After further briefing, argument, and submission of additional evidence, the court on January 6, 2010, denied the motion to dismiss based upon double jeopardy, and granted the motion to dismiss based upon prosecutorial misconduct in violation of due process. The court concluded in its formal order: "This Court is presently confronted with the rare and concerning case of egregious prosecutorial misconduct committed following reversal for a Brady violation. Mr. Benson's numerous acts of misconduct, culminating in his false testimony in this proceeding, strikes at the foundation of our legal system and is so grossly shocking and outrageous that it offends the universal sense of justice to allow prosecution in this matter to proceed. As such, defendant's motion to dismiss on due process grounds is granted." (Original italics.)*fn6
The People filed a timely notice of appeal from the dismissal order. The appeal from the order is proper. (§ 1238, subd. (a)(8) [order or judgment dismissing or otherwise terminating all or portion of action appealable by People]; see also § 1238, subd. (a)(1) [People may appeal order setting aside all or part of indictment, information, or complaint]; Bellizzi v. Superior Court (1974) 12 Cal.3d 33, 37, fn. 3 [People's appeal from dismissal of information due to noncompliance with discovery order proper].)
B. Evidence Presented at Hearing
Much of the testimony concerned the Center's practice of videotaping SART examinations; its use, documentation and retention of the videotapes; and any communications it had with the district attorney relating to the Center's videotaping practices. This evidentiary focus was in keeping with the defense theory for the motions that there was a conspiracy between the Center (Dr. Kerns and Ritter) and the district attorney to conceal the practice of videotaping SART examinations. The inquiry--analogous to the United States Senate Judiciary Committee's inquiry into the involvement of President Nixon in the Watergate scandal of the early 1970s*fn7 --was: What did the district attorney know about the Center's videotaping of SART examinations and when did the district attorney know about the practice? The bulk of the evidence presented therefore through the testimony of 19 witnesses*fn8 was related to the alleged awareness of district attorney personnel before March 2006 of the Center's practice of videotaping SART examinations.
As noted, the court did not find the existence of a conspiracy between the Center and the district attorney to conceal the practice of videotaping SART examinations, and it did not find that "either the current or the former district attorney, [or] any member of either['s] executive management staffs" knew about the Center's practice of videotaping SART examinations prior to 2006. The court's finding of prosecutorial misconduct was directed toward Benson alone, and the court made clear that this misconduct focused upon his having given false testimony during the hearing on the motions. Although the court did not specify the "numerous acts of misconduct" in its order or elaborate on its finding of the prosecutor's untruthfulness, there were several areas in which Benson's testimony was contradicted by others. These areas concerned (1) how Benson learned of the existence of a SART exam video in People v. Zeledon (a case that he handled before the Uribe trial; Zeledon); (2) how and when he learned about the SART video in Uribe, and whether he informed his adversary, Lopez, about the video's existence; (3) when he spoke with his supervisor and the head of the sexual assault unit, Victoria Brown, about having learned about the SART video in Uribe; and (4) whether he told Lopez after the Uribe appeal that he (Benson) was the one who allegedly first learned about the existence of the SART video.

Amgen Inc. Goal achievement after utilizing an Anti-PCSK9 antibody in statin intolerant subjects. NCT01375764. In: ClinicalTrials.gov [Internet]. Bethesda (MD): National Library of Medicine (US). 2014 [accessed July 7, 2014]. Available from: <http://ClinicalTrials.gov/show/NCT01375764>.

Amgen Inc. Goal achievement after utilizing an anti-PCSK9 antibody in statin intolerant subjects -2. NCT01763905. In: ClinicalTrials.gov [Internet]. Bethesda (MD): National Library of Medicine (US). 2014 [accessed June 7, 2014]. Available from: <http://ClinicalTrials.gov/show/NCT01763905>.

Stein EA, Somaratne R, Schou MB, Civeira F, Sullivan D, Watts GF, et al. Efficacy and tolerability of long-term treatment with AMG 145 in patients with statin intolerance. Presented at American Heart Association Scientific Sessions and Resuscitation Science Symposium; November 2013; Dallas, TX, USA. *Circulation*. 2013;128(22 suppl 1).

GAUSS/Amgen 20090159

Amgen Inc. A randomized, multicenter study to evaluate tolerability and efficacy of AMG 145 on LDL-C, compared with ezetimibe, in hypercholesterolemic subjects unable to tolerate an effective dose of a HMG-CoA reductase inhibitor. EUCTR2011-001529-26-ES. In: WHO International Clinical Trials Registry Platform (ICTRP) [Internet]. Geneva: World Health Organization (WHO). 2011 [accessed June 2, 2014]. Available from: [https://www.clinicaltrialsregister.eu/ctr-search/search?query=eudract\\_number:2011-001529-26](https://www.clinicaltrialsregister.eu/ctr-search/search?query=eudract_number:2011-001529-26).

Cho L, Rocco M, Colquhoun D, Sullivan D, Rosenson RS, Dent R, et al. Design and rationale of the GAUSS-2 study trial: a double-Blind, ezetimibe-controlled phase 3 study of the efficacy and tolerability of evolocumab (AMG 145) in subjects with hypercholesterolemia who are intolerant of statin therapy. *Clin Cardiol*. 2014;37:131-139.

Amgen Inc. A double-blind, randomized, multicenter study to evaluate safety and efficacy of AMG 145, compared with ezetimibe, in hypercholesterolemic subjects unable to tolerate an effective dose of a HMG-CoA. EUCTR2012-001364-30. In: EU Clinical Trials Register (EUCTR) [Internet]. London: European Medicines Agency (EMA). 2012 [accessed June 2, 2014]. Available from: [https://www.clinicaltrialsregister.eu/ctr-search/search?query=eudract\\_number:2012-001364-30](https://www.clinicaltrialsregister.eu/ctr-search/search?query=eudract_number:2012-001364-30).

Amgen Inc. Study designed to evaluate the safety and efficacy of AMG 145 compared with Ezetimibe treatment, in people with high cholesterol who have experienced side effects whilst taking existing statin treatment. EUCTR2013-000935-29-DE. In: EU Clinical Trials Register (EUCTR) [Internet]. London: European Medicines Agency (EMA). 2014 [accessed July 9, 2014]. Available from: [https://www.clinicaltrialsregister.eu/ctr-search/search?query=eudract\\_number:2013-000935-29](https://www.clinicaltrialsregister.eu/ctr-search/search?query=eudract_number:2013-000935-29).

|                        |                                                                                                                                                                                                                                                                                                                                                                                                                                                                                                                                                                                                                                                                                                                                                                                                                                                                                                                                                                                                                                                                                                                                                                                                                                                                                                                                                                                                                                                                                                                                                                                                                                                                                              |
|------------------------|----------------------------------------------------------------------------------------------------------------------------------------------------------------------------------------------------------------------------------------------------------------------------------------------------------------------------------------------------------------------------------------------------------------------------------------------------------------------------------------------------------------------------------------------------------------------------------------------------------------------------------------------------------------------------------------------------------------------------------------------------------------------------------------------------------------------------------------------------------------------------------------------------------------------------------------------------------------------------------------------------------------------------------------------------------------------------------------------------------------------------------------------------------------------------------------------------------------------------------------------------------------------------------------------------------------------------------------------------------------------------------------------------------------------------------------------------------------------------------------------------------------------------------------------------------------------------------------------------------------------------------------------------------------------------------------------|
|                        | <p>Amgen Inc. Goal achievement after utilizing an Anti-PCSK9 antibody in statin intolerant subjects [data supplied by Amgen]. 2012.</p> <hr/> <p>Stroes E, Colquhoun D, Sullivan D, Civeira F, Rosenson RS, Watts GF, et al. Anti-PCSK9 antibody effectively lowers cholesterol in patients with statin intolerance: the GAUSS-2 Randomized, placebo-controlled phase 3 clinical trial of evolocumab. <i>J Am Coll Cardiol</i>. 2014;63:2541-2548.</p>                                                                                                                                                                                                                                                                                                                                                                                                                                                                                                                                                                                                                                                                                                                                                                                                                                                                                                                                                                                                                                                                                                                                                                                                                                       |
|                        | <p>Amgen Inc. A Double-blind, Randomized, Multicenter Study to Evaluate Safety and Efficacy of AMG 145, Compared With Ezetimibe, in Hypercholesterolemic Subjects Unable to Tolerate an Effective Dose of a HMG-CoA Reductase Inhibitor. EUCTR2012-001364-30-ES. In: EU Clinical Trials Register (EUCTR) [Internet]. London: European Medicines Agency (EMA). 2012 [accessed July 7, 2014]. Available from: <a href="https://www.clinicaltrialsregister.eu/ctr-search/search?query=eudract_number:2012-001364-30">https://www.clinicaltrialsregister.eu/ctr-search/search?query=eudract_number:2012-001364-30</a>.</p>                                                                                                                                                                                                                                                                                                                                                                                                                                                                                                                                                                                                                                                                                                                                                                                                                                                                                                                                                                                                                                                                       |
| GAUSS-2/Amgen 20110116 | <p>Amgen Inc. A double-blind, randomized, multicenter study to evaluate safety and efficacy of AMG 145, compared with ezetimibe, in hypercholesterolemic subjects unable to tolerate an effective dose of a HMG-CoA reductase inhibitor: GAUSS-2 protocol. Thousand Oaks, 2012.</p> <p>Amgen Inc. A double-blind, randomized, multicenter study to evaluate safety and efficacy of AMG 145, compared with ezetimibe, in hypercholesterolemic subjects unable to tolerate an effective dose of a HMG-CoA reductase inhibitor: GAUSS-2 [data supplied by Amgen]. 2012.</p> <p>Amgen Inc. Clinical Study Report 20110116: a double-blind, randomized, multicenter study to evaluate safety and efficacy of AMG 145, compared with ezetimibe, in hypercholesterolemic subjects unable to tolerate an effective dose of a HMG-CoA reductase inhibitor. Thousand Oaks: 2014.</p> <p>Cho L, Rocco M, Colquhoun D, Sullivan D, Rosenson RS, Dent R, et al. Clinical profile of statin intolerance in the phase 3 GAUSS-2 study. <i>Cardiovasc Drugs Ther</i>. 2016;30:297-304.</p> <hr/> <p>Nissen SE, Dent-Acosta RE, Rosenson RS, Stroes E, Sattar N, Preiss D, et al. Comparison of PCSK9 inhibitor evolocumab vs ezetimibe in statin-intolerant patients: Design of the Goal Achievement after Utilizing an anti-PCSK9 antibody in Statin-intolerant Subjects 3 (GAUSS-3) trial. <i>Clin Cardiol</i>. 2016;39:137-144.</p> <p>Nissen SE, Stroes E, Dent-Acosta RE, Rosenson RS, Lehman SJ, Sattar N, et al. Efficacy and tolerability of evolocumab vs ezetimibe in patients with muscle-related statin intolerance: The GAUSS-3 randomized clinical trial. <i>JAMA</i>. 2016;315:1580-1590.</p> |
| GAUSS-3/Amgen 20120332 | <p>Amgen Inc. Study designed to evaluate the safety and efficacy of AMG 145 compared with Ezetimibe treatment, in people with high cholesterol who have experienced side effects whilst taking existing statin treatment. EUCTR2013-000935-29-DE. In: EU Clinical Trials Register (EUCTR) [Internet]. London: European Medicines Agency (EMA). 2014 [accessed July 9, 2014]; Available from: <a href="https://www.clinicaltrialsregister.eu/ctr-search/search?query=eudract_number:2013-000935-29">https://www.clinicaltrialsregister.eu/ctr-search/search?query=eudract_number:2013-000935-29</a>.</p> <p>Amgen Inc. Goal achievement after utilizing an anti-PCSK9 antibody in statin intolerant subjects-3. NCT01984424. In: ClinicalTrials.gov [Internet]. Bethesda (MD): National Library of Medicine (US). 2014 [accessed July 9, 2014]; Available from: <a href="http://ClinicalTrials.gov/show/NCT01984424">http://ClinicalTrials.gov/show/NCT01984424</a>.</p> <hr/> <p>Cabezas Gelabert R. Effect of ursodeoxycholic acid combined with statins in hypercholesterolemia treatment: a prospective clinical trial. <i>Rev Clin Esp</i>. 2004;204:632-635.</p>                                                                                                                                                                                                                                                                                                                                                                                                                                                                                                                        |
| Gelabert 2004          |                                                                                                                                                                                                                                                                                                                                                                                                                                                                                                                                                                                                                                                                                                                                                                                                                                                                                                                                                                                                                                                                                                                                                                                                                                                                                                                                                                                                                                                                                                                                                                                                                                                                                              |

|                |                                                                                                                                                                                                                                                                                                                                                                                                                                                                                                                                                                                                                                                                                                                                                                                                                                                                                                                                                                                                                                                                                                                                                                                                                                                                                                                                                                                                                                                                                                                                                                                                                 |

As an aid to our discussion below of the testimony presented at the hearing, we present the following chronology:
July 29, 2005: Mary Ritter conducts SART exam of Anna.
January 12, 2006: Ritter provides Benson with video of SART exam of alleged victim in Zeledon.
February 1, 2006: Trial begins in Uribe.
March 3, 2006: Jury convicts defendant of four felonies.
March 22, 2006: Lopez learns from consultant that Anna's SART exam may have been videotaped.
March 28, 2006: [Lopez test.]: Lopez speaks to Ritter and learns for first time that Anna's SART exam was videotaped.
[Benson test.]: Benson speaks to Ritter about another case and she informs him that she videotaped Anna's SART exam. Benson immediately speaks to Brown about the video, and calls Lopez afterwards to tell him about existence of video.
March 29, 2006: Lopez signs declaration in support of issuance of subpoena for video, referring to March 28 conversation with Ritter.
March 30, 2006: Defense motion for issuance of subpoena for video is filed and served on district attorney.
April 4, 2006: Brown sends e-mail to members in her sexual assault unit about disclosing SART videotapes to defense counsel.
[Brown test.]: Memo sent the day of, or the day after she spoke with Benson.
[Benson test.]: Memo sent at least one week after he spoke to Brown.
April 7, 2006: Original date for sentencing in Uribe.
[Lopez test.]: Lopez informs court and Benson of discovery of SART video; Benson expresses surprise that Ritter had videotaped SART exams.
July 28, 2006: Court denies motion for new trial in Uribe.
February 7, 2008: [Benson test.]: Benson confirms with Lopez that Benson had first informed Lopez in March 2006 about existence of SART video.
[Lopez test.]: Benson, upset, approaches Lopez and asks him if he could provide Benson with a declaration. (No statement by Benson that he had first discovered the SART video.)
April 24, 2008: Court of Appeal reverses judgment of conviction in Uribe.
May 20, 2008: [Benson test.]: Lopez confirms in telephone conversation that Benson had informed Lopez about existence of SART video. (Conversation denied by Lopez.)
June 5, 2008: Lopez sends e-mail to Benson, indicating that Lopez was the person who first discovered that Ritter had videotaped the SART exam and had ...